Drawing from the Sicilian countryside
The stone of Modica is a calcareous material -- referred to by the company as a limestone -- that is very difficult to process because of its high level of hardness. Armando Minaudo, general manager of Avola Stone, compared it to French limestone in terms of strength and durability.
The stone is essentially taken from the land in the form of rough, flat boulders, and it is cut to size as needed, depending on the finished product. Avola Stone has a staff of stonecutters who carry on the old Modicain tradition, but they also have expanded the use of the material. Over the years, because the stone was so difficult to cut and shape, Modica stone was primarily used for exterior paving, wall bases, pavers, staircases and other elements with basic dimensions. But with modern machinery and skilled workers, Avola Stone can process Modica stone into architectural pieces such as benches, sophisticated cladding panels, balustrades, arches and other three-dimensional pieces. Of course, the company still also processes the stone into paving and staircases.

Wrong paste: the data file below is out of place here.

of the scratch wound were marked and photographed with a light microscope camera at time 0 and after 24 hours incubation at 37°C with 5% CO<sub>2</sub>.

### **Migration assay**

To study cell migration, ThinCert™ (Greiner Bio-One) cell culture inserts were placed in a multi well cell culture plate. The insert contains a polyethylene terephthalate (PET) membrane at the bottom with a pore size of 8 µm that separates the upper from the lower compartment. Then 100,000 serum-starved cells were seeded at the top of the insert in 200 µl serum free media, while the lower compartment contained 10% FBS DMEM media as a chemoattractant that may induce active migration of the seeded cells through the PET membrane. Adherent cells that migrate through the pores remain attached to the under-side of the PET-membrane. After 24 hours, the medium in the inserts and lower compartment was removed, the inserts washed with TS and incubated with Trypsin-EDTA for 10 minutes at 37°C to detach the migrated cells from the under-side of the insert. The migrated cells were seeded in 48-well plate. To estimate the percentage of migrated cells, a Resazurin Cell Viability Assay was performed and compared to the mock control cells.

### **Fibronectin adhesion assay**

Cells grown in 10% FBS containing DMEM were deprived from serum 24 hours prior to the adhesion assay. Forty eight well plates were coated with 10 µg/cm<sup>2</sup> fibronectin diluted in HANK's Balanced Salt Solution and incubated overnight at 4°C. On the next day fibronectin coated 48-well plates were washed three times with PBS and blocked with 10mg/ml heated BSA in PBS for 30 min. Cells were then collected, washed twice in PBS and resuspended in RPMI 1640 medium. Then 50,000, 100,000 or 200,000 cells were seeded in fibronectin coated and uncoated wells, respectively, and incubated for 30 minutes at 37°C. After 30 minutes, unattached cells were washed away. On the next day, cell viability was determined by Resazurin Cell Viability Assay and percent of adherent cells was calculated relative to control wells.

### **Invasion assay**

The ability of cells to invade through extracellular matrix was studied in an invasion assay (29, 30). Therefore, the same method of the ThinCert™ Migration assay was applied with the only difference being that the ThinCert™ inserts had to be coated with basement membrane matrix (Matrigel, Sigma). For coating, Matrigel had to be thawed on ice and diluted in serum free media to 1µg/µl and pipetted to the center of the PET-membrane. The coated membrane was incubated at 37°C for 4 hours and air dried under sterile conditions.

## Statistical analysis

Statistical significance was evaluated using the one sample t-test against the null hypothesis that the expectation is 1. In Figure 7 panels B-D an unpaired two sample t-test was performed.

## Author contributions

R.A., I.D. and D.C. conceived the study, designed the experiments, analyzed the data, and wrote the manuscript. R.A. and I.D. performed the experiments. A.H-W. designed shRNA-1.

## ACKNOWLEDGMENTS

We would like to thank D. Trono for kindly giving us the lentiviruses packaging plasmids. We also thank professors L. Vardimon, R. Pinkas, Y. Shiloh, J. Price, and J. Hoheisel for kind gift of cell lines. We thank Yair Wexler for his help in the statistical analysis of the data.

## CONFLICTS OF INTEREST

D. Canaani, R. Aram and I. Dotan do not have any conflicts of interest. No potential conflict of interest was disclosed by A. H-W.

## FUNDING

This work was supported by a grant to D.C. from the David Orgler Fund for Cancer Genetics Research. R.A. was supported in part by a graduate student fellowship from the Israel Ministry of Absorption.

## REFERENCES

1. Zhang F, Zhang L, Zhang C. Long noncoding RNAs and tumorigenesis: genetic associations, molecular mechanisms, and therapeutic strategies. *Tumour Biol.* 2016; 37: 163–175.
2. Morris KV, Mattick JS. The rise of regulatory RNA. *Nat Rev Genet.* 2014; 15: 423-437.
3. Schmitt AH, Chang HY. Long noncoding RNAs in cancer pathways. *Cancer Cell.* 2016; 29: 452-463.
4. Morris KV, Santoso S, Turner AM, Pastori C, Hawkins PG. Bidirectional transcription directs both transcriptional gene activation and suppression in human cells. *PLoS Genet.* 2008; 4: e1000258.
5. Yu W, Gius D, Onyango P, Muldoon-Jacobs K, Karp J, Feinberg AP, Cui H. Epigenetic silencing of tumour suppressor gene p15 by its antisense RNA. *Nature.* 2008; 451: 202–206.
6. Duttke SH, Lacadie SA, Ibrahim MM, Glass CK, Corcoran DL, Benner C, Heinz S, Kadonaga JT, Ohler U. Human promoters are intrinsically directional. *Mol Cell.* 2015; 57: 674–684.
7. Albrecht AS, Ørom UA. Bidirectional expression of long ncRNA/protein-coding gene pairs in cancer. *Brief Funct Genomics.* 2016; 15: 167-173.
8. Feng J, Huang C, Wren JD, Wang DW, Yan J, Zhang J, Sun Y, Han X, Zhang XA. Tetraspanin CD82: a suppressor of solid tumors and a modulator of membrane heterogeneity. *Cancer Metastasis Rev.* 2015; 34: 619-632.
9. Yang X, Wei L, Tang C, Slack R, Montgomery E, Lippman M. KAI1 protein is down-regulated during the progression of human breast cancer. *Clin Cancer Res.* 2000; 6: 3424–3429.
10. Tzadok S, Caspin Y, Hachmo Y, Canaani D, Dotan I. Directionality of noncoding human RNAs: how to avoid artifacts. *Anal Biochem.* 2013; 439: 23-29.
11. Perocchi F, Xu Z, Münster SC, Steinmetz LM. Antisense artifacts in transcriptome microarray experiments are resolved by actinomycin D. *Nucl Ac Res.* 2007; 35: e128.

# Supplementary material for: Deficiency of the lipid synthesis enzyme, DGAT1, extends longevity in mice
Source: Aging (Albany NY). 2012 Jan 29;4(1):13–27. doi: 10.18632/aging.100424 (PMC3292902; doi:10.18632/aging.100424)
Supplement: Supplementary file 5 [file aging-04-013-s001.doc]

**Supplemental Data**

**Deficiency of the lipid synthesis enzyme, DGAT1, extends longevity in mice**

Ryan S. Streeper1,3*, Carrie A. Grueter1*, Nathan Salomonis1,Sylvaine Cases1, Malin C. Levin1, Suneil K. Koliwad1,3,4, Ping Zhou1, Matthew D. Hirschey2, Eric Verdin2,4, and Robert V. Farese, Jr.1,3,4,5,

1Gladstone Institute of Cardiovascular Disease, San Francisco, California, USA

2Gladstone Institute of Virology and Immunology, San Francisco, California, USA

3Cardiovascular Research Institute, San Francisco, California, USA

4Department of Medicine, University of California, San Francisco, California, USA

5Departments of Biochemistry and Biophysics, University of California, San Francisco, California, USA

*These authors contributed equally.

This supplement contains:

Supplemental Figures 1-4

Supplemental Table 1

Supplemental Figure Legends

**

Modica stone can take a full polish, and it is also offered in etched and textured finishes, including a split-faced format that is popular for wall cladding. In addition to the basic Modica stone, which has a white/beige tone, Avola Stone also has a site for Petrol Stone, which has fossilization and a rich, darker tone. This stone has been of particular interest for high-end applications, and it was even specified for the design of a villa for a member of the Fendi family.
The company produces a total of 215,000 square feet of material per year, of which 20% is exported to markets such as the U.S., Australia and England.